Résumé Writing for Law School Applications

By SHARE

The résumé you submit with your law school applications can make or break your chances of getting in. If you submit a one-page résumé meant for employers that fails to account for how you've spent your time outside of the working world, then you're doing yourself a disservice. This is no place for "Objectives" or a "Summary of Qualifications." Your résumé should highlight financial self-reliance, language proficiencies, exposure to different cultures, community service activities, professional responsibilities, and even hobbies that require dedication and commitment. By explaining all of your accomplishments, interests and skills on your résumé, you're given the freedom to use the personal statement to really add something new and interesting to your application.

But how to attack this? First, make a list of everything you've done that fits into one of these five headings:

- Education

- Honors

- Activities

- Employment

- Skills 

You may not need all of these headings, and you may even need more headings depending on how long you've been out of school and how many different things you've done, but this is a good starting point. 

Within each of these five headings, list each item in reverse chronological order.

Education: For schools attended, list the degree received, the name of the school, the city and state of its location, and the date of graduation. Include your major areas of study and your GPA (and, if higher, your major GPA). Study abroad institutions can be listed here as well. 

Honors, Activities, and Employment: List your title (Member, Vice President, Intern, Marketing Assistant, etc...), the name of the employer, the city and state of its location, and the dates you worked. If it was a significant time commitment during school, state the number of hours you worked per week. Then, add bullet points of accomplishments and duties for each, and quantify your successes when possible.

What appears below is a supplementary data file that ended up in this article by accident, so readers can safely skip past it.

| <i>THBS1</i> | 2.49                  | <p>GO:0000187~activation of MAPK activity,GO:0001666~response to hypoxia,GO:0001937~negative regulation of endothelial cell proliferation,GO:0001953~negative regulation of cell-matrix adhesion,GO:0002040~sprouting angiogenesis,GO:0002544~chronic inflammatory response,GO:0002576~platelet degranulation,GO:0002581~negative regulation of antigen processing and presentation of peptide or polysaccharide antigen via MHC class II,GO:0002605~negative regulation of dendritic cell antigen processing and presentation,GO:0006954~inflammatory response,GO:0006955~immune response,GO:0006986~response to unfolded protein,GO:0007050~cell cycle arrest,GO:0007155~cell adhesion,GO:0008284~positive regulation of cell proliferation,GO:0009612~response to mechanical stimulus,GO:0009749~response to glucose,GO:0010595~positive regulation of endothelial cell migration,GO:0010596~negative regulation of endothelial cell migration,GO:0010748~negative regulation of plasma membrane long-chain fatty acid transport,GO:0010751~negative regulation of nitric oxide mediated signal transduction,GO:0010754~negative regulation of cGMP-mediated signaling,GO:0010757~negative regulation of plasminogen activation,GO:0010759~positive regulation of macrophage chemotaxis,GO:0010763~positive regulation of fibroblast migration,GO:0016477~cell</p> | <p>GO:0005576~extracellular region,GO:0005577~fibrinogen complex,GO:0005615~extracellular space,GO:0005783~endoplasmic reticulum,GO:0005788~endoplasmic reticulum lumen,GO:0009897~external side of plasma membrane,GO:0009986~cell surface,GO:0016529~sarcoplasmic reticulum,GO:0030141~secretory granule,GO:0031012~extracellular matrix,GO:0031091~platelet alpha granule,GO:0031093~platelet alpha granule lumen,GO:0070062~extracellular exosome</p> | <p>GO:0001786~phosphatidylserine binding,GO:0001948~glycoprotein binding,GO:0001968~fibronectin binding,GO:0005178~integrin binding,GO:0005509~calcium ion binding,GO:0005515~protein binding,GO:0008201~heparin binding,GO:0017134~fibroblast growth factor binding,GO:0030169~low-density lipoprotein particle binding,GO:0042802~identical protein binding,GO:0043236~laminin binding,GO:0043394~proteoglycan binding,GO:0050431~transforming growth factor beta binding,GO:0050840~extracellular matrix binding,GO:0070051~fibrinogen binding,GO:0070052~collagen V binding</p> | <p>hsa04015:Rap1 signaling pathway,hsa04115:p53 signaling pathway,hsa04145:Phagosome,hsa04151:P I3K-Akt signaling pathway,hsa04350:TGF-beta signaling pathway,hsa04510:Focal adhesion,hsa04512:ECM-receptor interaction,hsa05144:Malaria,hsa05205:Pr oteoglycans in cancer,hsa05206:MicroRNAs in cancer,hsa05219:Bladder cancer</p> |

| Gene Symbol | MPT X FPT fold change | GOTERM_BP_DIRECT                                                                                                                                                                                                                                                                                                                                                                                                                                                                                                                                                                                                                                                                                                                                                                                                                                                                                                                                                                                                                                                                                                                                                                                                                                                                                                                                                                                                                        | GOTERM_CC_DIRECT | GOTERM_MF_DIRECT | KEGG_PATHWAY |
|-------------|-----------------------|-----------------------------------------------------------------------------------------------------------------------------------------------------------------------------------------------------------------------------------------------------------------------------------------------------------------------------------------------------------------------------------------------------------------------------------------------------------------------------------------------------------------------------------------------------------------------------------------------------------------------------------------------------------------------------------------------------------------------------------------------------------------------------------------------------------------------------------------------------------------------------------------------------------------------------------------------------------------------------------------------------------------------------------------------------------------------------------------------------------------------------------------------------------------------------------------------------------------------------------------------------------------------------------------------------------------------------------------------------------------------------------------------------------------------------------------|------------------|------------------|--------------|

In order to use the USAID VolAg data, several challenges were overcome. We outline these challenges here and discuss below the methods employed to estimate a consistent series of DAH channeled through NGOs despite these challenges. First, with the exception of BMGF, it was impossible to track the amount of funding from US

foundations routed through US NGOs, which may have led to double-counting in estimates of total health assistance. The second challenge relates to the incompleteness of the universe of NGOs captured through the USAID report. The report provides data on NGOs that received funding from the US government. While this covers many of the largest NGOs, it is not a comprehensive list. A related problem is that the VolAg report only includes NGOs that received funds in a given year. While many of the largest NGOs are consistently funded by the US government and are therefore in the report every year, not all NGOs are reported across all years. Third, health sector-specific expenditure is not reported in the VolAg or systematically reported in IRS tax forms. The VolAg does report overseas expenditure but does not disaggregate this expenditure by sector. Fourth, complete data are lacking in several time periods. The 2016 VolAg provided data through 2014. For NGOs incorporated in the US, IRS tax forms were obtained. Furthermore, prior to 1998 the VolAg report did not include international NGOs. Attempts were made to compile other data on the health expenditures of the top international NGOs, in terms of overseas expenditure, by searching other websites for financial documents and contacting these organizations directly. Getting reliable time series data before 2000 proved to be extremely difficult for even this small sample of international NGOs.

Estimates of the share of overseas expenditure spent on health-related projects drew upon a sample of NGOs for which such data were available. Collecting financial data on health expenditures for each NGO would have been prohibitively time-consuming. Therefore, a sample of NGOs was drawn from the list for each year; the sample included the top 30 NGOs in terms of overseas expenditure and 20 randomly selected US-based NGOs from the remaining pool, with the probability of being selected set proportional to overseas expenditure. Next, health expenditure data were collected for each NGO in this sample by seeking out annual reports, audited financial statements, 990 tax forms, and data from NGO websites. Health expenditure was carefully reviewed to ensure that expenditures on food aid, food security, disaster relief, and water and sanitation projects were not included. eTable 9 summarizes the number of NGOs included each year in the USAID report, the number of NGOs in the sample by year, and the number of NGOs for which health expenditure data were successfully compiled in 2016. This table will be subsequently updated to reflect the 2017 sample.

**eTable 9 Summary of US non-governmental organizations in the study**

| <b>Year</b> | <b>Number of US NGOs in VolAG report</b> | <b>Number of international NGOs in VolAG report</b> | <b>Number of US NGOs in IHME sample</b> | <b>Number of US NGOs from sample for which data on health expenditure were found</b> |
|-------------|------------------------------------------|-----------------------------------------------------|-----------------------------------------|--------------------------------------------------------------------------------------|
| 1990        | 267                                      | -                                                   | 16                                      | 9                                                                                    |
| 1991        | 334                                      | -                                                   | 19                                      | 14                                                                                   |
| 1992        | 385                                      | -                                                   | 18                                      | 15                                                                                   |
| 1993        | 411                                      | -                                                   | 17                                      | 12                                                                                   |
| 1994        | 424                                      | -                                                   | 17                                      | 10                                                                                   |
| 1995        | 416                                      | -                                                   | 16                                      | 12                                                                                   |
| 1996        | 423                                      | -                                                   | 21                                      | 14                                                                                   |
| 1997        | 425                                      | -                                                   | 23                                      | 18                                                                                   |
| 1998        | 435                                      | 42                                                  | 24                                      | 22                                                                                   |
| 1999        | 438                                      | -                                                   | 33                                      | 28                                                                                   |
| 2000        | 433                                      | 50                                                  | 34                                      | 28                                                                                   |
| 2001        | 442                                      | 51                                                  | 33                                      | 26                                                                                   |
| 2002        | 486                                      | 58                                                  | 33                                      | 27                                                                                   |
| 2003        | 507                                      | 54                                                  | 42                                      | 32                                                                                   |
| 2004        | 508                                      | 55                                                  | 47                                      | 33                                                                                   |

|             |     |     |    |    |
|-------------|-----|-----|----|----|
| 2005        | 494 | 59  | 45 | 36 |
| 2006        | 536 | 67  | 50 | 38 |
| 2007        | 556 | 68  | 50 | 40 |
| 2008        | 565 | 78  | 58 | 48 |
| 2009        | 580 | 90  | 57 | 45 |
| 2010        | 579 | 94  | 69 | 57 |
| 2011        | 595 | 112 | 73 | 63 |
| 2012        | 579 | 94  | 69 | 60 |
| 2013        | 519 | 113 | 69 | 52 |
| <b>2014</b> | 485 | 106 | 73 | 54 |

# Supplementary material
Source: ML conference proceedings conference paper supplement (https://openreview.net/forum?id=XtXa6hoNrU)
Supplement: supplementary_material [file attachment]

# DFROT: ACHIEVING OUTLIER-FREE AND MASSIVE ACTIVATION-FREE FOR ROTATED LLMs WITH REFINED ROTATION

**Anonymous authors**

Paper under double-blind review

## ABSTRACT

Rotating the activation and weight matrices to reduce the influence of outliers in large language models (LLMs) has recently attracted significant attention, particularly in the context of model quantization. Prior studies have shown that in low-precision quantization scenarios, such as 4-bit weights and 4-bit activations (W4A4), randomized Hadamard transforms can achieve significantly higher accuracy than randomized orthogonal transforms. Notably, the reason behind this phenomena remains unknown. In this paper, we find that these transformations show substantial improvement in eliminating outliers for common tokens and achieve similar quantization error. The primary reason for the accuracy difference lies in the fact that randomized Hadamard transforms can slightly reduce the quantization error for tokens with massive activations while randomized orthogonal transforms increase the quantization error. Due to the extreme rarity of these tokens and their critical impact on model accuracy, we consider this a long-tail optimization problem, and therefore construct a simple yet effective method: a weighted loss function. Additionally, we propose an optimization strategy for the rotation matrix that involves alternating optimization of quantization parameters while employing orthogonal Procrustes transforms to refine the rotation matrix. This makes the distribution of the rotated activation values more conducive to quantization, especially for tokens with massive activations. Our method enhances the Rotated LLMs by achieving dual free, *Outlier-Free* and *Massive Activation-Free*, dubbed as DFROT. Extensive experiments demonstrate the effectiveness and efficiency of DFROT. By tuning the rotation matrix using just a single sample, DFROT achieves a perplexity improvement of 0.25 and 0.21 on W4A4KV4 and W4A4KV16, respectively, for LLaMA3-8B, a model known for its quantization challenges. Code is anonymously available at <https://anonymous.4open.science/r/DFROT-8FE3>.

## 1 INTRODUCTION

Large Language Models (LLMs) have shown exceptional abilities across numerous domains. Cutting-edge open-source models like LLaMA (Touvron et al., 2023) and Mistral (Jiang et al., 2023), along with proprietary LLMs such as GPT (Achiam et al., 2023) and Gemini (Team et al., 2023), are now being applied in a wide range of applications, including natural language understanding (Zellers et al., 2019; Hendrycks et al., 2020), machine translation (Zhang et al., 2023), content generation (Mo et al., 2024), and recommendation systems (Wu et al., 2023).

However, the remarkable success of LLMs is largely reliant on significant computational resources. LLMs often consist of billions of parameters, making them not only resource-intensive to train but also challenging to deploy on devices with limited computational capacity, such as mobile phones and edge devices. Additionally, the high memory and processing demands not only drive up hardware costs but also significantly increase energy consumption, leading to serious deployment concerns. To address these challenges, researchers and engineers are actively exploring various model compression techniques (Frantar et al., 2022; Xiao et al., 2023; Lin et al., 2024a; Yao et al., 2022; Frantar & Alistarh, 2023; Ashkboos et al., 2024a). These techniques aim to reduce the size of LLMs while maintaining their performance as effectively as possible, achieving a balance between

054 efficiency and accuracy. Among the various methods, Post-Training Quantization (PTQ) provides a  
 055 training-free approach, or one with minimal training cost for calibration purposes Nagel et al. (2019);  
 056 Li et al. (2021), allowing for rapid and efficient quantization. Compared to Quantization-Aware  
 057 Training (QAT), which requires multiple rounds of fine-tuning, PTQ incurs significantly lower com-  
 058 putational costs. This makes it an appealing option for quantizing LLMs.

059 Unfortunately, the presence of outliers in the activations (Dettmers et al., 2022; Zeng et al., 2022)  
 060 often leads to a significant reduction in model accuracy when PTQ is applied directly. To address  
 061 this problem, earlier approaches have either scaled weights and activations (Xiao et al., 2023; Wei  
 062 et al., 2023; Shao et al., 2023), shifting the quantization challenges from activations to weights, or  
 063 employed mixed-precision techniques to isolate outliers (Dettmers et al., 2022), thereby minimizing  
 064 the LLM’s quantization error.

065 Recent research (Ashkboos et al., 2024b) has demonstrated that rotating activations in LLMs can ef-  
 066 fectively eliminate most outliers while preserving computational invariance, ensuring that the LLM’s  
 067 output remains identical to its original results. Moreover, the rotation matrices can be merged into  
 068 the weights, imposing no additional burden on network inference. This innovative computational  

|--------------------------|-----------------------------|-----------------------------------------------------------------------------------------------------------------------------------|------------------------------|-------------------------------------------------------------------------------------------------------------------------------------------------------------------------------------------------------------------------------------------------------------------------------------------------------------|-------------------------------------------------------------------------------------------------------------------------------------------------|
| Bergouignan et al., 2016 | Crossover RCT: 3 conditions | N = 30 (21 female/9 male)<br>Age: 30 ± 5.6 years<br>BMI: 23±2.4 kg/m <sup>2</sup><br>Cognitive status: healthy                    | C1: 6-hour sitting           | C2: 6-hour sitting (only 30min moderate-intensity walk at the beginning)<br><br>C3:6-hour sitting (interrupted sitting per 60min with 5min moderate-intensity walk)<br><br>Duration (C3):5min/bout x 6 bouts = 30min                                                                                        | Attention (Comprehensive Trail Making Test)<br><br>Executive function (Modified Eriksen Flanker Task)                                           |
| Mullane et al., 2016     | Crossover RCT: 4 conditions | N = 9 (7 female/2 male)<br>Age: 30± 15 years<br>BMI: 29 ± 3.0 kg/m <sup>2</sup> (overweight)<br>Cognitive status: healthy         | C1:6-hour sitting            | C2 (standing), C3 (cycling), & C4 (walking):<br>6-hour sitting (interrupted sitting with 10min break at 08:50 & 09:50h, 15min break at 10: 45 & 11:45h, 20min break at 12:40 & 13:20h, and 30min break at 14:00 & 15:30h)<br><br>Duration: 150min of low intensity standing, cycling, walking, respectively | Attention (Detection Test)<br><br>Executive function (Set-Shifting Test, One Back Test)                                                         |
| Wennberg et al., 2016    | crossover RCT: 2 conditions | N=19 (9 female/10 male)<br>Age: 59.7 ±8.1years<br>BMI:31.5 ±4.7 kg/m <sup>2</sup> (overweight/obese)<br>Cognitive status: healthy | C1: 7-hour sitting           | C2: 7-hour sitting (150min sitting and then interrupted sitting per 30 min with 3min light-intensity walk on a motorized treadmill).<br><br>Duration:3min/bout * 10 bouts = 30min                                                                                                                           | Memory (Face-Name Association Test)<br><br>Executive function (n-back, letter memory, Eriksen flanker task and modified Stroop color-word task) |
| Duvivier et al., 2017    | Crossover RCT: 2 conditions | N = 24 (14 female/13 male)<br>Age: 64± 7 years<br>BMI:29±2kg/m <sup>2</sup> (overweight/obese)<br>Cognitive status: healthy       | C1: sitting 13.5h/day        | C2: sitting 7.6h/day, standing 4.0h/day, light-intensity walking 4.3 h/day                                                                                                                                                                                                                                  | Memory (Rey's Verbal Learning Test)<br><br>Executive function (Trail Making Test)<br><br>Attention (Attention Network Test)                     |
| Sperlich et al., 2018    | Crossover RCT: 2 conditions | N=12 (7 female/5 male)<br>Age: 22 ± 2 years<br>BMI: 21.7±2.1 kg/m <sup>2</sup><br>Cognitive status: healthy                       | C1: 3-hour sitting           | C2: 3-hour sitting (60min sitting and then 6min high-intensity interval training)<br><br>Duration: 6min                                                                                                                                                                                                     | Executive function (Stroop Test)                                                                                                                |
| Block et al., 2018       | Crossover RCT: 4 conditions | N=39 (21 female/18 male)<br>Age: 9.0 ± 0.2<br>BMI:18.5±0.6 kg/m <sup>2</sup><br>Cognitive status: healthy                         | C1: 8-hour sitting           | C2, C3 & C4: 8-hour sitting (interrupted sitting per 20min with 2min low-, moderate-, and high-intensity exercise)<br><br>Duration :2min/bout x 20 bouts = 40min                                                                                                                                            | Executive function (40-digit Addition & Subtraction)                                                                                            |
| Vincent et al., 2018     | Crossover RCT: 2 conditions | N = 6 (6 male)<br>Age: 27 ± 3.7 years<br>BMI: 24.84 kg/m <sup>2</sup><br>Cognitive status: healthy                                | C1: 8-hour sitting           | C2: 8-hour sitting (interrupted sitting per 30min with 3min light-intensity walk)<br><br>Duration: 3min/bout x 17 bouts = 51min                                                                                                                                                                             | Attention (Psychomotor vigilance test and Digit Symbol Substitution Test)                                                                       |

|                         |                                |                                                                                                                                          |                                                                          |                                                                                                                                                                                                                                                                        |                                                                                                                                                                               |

Skills: section can include language proficiencies, games, athletics, significant computer programming skills, and musical and artistic pursuits. 

Now, look over everything and check for the following:

1. Are all of these significant activities? If you only volunteered for Habitat for Humanity for one weekend, take it off your résumé.

2. Are any of these items from high school? If so, remove them.

3. Did you refer to yourself in the first person when writing descriptions? If so, adjust wording choices accordingly.

4. Did you use past tense to describe things you did in the past, and present tense to describe things you're currently doing? If not, make sure to do that.

5. Did you format everything consistently? Same kind of bullet points in each section? Same tabs? Did you present all information in the same order (title, institution, city, state, dates)? Do you end each description with a period or not?

If you describe each of your endeavors well on the résumé, you won't have to bore the reader with your personal statement's retelling of how you recruited more members to the club or the number of meetings you held with your sorority standards board. If you worked while in school (and/or since) the law schools should have a clear idea about your time commitments, ability to multi-task, and financial responsibility simply because you did a thorough job on your résumé. 

The résumé is the most often overlooked opportunity within the application packet. By following these guidelines for getting started on your résumé, you will be more likely to remember the many things you've accomplished, which will heighten your chance of getting in.

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college admissions
graduate schools
law school